After an impressively quick turnaround, the successful new series of Apple TV+, Slow horsesbrings fans back to Slough House for Season 2. Based on the author’s best-selling novels Mick Herron, Slow horses the first season introduced us to a team of disaffected M15 operatives, including their disheveled and disillusioned leader Jackson Lamb, played by the Academy Award winner. Gary Oldman. After the explosive finale, Season 2 begins with Lamb’s team bowing to the good of M15 and will see them tackle a new mission on an even bigger scale.
When long-buried Cold War secrets begin to surface and Russian sleeper agents threaten London – and perhaps the world – Lamb and his Slough House team may be the only ones able to stop those in power . Season 2 will see the return Saskia Reeves as Catherine Standish, Jack Lowden as River Cartwright, Kristin Scott Thomas as Deputy Director General of MI5, Diana Taverner and more.
Ahead of Season 2 premiering on Apple TV+ on December 2, Collider’s Steve Weintraub was able to sit down with stars Oldman and Reeves to discuss the perks of filming on location in London, filming in the building that inspired author Herron’s Slough House, and where he’s at with season 3 production. Oldman also shares what it’s like. eat 20 bowls of noodles a day, past projects they are proud of and when Slow horses Season 4 will begin filming. You can watch the interview in the video above or read the full transcript below.
COLLIDER: For both of you, if someone has never seen anything you’ve done before, what’s the first thing you’d want them to watch and why?
GARY OLDMAN: You know, I’m terribly proud of JFK. I have a pivotal but not huge role in the film. But I thought about what Oliver [Stone] what I did with him was really something. And it was, I think, the first movie that I saw… I was invited to a little screening of it, and it was the first movie that I was in that I thought, “I can’t believe I’m in this movie, that I’m involved and that I’m a part of it.” For me, it’s one of the [Oliver Stone’s] masterpieces, in fact.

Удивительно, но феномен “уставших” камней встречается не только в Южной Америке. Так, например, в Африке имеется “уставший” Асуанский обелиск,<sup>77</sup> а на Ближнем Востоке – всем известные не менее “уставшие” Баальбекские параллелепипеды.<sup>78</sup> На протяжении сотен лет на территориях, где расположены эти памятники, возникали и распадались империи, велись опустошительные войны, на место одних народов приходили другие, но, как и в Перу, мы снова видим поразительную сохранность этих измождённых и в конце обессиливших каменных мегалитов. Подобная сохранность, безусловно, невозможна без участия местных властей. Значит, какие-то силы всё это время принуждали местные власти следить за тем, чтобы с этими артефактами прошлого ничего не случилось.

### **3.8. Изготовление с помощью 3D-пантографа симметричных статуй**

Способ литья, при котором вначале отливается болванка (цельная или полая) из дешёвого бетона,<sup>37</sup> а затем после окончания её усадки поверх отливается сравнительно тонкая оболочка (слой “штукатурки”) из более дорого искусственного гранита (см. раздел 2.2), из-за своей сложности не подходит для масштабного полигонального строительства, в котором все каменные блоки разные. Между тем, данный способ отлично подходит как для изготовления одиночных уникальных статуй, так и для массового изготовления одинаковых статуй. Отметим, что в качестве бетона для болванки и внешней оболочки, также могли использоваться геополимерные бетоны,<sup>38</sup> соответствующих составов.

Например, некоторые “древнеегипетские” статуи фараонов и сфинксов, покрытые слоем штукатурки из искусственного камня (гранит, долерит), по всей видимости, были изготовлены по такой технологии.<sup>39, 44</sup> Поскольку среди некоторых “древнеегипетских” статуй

SASKIA REEVES: I agree.
OLDMAN: So I think that would be a good one for me.
REEVES: Yes. I did, I think it was my third or fourth film, a low-budget independent film that Michael Winterbottom directed called Butterfly kiss, which I enjoyed doing this. And he made some lifelong friends after that movie. But that was really interesting to me and I like the way it developed. Yes. This will be a good place to start.
Gary, I want to ask you an individual question. When you read the scripts for season 2 and saw how much you would eat in each scene, did you say yes or did you say, “Do I need a rewrite?”
OLD MAN: Oh, no, no. There are certain things that come with the job. Certain things that come with Jackson [Lamb]. He smokes. I have these fake herbal cigarettes, but still, he smokes. He drinks. He eats. And this is all part of the character.
I was telling Saskia, I don’t like that thing when actors pretend to eat. When they have a scene with a table and you can see them cutting and then moving their food around the plate. It’s like when people pour tea, and they pour it like that, and you know that’s all they poured… Stuff like that really annoys me. You know what i mean? Pour the tea. Eat the food.
So yes. Jackson Lamb would devour these noodles. The only thing is, of course, you don’t do it once. You do it 20 times. I think I had about 20 bowls of noodles that day.
I have a lot of friends who are actors and they’re like, “Yeah, when you shoot a food scene, that could take hours and you eat and you eat and you eat and you eat.”